President Barack Obama faced a tough political decision this week on the proposed Keystone XL oil pipeline from Canada to Texas. He could order the State Department to approve it, thus alienating his environmental activist supporters, or he could kill the pipeline, thus angering his union allies.
Obama chose to do what he had done 130 times while he was in the Illinois state Senate. He voted present.
The State Department announced Thursday that it would begin developing a second, redundant environmental impact statement for the 1,700-mile pipeline that traverses six states on its route from Alberta, Canada, to Houston, Texas. This buys Obama time well past November 2012. The first environmental assessment, three years in the works, was completed in August. This second assessment will take at least as long the first.
Environmentalists couldn’t care less about Nebraskan drinking water, which is the excuse for this delay. There are already almost 21,000 miles of oil and natural gas pipelines criss-crossing Nebraska. Activists want to kill the Keystone XL pipeline because the oil it will be carrying across Nebraska and five other states comes from tar sands, which they believe contributes more to global warming than other energy sources.
Unions support the pipeline because it will create jobs immediately. It would be completely privately funded.
TransCanada, the Canadian company behind the pipeline, says it will spend $7 billion building the pipeline in the United States. A Canadian Energy Research Institute estimated that this private infrastructure spending could create as many as 435,000 jobs in the U.S. by 2035.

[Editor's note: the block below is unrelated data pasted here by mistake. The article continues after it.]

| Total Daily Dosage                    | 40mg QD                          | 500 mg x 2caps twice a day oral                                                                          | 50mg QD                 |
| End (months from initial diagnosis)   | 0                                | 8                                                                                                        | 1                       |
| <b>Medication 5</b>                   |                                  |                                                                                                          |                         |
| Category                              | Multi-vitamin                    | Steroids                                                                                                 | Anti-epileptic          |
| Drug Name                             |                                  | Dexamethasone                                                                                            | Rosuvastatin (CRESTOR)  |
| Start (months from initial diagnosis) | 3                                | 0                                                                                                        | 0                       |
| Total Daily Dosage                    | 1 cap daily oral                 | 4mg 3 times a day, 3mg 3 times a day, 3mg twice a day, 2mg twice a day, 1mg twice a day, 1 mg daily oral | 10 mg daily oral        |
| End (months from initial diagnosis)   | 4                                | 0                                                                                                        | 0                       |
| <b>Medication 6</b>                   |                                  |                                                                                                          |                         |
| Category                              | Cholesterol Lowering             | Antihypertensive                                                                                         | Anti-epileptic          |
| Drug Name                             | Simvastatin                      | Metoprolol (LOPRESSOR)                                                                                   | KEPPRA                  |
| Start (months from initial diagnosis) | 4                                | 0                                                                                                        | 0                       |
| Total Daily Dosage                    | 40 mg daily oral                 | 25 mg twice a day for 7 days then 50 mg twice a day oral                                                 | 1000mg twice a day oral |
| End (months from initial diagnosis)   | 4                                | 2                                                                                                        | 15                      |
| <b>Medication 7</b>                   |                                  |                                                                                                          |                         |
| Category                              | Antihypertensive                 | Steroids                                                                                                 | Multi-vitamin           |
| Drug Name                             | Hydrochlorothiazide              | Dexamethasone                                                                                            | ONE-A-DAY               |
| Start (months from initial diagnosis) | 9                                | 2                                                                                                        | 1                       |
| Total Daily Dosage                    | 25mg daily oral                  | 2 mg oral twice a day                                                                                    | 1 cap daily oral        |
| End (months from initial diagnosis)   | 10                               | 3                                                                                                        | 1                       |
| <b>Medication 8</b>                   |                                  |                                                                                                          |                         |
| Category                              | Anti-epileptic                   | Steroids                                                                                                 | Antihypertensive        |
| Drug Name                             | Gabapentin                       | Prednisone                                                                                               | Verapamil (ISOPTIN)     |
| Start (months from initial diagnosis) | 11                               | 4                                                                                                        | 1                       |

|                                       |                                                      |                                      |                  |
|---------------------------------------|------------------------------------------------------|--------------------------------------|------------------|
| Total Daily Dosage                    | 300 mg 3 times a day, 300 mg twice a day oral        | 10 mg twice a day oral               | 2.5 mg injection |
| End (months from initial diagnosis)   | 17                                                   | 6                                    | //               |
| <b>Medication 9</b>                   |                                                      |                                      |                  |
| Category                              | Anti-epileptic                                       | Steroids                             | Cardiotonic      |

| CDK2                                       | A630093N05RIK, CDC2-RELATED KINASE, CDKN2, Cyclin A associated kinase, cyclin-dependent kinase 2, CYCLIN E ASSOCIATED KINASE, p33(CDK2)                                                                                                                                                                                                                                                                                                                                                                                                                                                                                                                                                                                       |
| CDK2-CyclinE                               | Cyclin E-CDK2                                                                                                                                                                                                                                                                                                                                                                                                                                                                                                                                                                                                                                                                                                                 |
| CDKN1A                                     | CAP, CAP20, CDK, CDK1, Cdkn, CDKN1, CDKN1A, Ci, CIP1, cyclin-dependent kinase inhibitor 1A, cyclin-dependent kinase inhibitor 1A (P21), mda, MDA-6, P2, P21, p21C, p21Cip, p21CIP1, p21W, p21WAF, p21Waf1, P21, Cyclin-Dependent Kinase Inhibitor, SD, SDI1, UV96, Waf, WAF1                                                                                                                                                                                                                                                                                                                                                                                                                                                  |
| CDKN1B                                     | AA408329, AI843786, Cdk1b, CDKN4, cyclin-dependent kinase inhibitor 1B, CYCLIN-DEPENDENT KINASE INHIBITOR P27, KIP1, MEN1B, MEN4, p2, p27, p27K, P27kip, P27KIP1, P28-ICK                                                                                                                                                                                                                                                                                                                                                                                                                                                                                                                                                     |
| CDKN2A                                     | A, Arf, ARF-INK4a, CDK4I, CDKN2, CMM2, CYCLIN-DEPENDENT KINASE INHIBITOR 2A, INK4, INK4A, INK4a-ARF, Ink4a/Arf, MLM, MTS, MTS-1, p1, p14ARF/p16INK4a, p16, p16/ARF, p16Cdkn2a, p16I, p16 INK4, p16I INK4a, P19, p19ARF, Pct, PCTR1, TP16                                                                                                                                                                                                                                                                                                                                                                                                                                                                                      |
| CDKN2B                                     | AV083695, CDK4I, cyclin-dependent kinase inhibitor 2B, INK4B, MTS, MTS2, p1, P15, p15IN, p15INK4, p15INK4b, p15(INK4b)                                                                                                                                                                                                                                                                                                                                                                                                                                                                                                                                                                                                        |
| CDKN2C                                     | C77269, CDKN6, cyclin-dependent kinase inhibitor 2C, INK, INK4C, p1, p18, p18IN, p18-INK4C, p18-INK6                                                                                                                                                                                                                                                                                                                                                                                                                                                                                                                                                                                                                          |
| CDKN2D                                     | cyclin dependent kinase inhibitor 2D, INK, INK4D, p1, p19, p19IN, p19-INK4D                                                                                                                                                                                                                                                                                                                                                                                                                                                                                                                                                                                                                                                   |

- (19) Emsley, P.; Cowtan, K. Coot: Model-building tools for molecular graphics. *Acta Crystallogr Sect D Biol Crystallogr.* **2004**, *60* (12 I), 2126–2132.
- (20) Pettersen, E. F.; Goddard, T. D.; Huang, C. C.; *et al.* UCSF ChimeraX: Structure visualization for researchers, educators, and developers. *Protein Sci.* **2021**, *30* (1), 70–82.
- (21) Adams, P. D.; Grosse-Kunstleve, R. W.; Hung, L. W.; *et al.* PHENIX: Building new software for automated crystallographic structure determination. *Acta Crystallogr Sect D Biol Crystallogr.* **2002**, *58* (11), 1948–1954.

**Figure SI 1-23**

This is not the first time the Obama administration has punted when confronted with a potential wedge issue. In September, the Environmental Protection Agency announced it was rescinding proposed ozone regulations that even the EPA admitted would cost the U.S. economy $90 billion annually. In early October, the EPA announced it would not be releasing scheduled particulate matter regulations that farmers worried would cost them billions. Also in October, the EPA announced it would be easing previously issued regulations on cross-state emissions from power plants.
Through the end of last month, the Obama administration had already imposed 214 new regulations with price tags higher than $100 million each, more than any past president. But worse, there is an even larger number of regulations that have been authorized by Congress but not yet written by the federal agencies. A final regulation may be expensive, but at least a business owner can plan around it. An expected but unwritten rule only freezes business in place.